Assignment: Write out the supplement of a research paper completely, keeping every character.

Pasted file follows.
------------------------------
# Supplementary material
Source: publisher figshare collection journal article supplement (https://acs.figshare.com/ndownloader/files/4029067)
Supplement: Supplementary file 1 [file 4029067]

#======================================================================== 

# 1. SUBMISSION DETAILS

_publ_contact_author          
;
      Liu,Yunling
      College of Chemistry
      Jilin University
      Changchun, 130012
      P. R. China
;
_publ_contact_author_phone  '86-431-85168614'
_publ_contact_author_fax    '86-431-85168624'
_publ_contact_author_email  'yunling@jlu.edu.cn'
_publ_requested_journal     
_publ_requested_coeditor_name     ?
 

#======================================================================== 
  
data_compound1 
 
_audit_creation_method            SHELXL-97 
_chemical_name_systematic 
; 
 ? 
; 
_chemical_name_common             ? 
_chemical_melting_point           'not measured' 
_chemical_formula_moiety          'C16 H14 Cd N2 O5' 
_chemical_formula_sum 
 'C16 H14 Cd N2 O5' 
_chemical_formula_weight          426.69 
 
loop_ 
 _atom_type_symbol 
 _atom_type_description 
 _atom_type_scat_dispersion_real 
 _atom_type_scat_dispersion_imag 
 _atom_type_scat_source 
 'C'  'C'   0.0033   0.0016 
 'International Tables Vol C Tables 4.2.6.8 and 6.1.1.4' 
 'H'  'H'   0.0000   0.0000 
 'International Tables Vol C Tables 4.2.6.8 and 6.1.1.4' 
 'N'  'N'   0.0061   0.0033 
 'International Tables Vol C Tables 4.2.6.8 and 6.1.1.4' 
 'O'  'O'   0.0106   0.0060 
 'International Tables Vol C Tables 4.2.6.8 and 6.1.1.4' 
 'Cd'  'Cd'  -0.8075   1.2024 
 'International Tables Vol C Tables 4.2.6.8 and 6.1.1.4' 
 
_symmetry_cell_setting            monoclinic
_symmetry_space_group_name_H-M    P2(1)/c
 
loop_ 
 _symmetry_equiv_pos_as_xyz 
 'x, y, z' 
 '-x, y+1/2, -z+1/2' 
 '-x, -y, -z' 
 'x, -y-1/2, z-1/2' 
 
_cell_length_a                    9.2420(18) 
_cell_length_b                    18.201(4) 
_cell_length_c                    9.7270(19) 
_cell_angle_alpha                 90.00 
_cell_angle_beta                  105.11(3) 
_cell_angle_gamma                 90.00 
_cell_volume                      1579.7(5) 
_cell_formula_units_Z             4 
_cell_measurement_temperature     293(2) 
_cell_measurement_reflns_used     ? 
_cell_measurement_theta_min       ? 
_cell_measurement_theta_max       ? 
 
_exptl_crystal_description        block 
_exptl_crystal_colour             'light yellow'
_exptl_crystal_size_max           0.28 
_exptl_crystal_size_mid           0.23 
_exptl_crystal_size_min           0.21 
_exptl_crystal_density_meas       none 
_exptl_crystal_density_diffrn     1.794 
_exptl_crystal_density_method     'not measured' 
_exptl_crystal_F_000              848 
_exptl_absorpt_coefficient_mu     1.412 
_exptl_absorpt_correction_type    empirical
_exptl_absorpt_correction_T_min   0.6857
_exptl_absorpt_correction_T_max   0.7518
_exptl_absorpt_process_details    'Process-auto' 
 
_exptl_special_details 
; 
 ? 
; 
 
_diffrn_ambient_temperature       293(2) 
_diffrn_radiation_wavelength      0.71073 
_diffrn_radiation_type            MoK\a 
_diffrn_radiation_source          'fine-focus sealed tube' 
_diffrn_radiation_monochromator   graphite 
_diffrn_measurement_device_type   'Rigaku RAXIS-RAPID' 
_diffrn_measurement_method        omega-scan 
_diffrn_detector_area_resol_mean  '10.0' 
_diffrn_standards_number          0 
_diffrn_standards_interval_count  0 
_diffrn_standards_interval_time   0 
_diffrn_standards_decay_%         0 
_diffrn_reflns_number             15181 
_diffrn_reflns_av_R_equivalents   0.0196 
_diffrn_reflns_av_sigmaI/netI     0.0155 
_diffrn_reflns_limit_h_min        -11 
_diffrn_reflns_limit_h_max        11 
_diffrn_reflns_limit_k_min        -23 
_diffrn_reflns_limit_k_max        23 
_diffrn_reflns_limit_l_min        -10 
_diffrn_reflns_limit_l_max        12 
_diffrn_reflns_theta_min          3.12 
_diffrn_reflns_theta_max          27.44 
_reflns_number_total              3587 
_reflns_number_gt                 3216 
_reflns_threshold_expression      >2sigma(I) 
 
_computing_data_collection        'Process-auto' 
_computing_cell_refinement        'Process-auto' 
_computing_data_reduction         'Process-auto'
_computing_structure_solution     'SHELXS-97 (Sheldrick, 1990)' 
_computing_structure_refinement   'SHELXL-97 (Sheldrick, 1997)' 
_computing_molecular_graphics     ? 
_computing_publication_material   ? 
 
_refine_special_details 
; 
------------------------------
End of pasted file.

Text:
# Supplementary material
Source: publisher figshare collection journal article supplement (https://acs.figshare.com/ndownloader/files/4029067)
Supplement: Supplementary file 1 [file 4029067]

#======================================================================== 

# 1. SUBMISSION DETAILS

_publ_contact_author          
;
      Liu,Yunling
      College of Chemistry
      Jilin University
      Changchun, 130012
      P. R. China
;
_publ_contact_author_phone  '86-431-85168614'
_publ_contact_author_fax    '86-431-85168624'
_publ_contact_author_email  'yunling@jlu.edu.cn'
_publ_requested_journal     
_publ_requested_coeditor_name     ?
 

#======================================================================== 
  
data_compound1 
 
_audit_creation_method            SHELXL-97 
_chemical_name_systematic 
; 
 ? 
; 
_chemical_name_common             ? 
_chemical_melting_point           'not measured' 
_chemical_formula_moiety          'C16 H14 Cd N2 O5' 
_chemical_formula_sum 
 'C16 H14 Cd N2 O5' 
_chemical_formula_weight          426.69 
 
loop_ 
 _atom_type_symbol 
 _atom_type_description 
 _atom_type_scat_dispersion_real 
 _atom_type_scat_dispersion_imag 
 _atom_type_scat_source 
 'C'  'C'   0.0033   0.0016 
 'International Tables Vol C Tables 4.2.6.8 and 6.1.1.4' 
 'H'  'H'   0.0000   0.0000 
 'International Tables Vol C Tables 4.2.6.8 and 6.1.1.4' 
 'N'  'N'   0.0061   0.0033 
 'International Tables Vol C Tables 4.2.6.8 and 6.1.1.4' 
 'O'  'O'   0.0106   0.0060 
 'International Tables Vol C Tables 4.2.6.8 and 6.1.1.4' 
 'Cd'  'Cd'  -0.8075   1.2024 
 'International Tables Vol C Tables 4.2.6.8 and 6.1.1.4' 
 
_symmetry_cell_setting            monoclinic
_symmetry_space_group_name_H-M    P2(1)/c
 
loop_ 
 _symmetry_equiv_pos_as_xyz 
 'x, y, z' 
 '-x, y+1/2, -z+1/2' 
 '-x, -y, -z' 
 'x, -y-1/2, z-1/2' 
 
_cell_length_a                    9.2420(18) 
_cell_length_b                    18.201(4) 
_cell_length_c                    9.7270(19) 
_cell_angle_alpha                 90.00 
_cell_angle_beta                  105.11(3) 
_cell_angle_gamma                 90.00 
_cell_volume                      1579.7(5) 
_cell_formula_units_Z             4 
_cell_measurement_temperature     293(2) 
_cell_measurement_reflns_used     ? 
_cell_measurement_theta_min       ? 
_cell_measurement_theta_max       ? 
 
_exptl_crystal_description        block 
_exptl_crystal_colour             'light yellow'
_exptl_crystal_size_max           0.28 
_exptl_crystal_size_mid           0.23 
_exptl_crystal_size_min           0.21 
_exptl_crystal_density_meas       none 
_exptl_crystal_density_diffrn     1.794 
_exptl_crystal_density_method     'not measured' 
_exptl_crystal_F_000              848 
_exptl_absorpt_coefficient_mu     1.412 
_exptl_absorpt_correction_type    empirical
_exptl_absorpt_correction_T_min   0.6857
_exptl_absorpt_correction_T_max   0.7518
_exptl_absorpt_process_details    'Process-auto' 
 
_exptl_special_details 
; 
 ? 
; 
 
_diffrn_ambient_temperature       293(2) 
_diffrn_radiation_wavelength      0.71073 
_diffrn_radiation_type            MoK\a 
_diffrn_radiation_source          'fine-focus sealed tube' 
_diffrn_radiation_monochromator   graphite 
_diffrn_measurement_device_type   'Rigaku RAXIS-RAPID' 
_diffrn_measurement_method        omega-scan 
_diffrn_detector_area_resol_mean  '10.0' 
_diffrn_standards_number          0 
_diffrn_standards_interval_count  0 
_diffrn_standards_interval_time   0 
_diffrn_standards_decay_%         0 
_diffrn_reflns_number             15181 
_diffrn_reflns_av_R_equivalents   0.0196 
_diffrn_reflns_av_sigmaI/netI     0.0155 
_diffrn_reflns_limit_h_min        -11 
_diffrn_reflns_limit_h_max        11 
_diffrn_reflns_limit_k_min        -23 
_diffrn_reflns_limit_k_max        23 
_diffrn_reflns_limit_l_min        -10 
_diffrn_reflns_limit_l_max        12 
_diffrn_reflns_theta_min          3.12 
_diffrn_reflns_theta_max          27.44 
_reflns_number_total              3587 
_reflns_number_gt                 3216 
_reflns_threshold_expression      >2sigma(I) 
 
_computing_data_collection        'Process-auto' 
_computing_cell_refinement        'Process-auto' 
_computing_data_reduction         'Process-auto'
_computing_structure_solution     'SHELXS-97 (Sheldrick, 1990)' 
_computing_structure_refinement   'SHELXL-97 (Sheldrick, 1997)' 
_computing_molecular_graphics     ? 
_computing_publication_material   ? 
 
_refine_special_details 
; 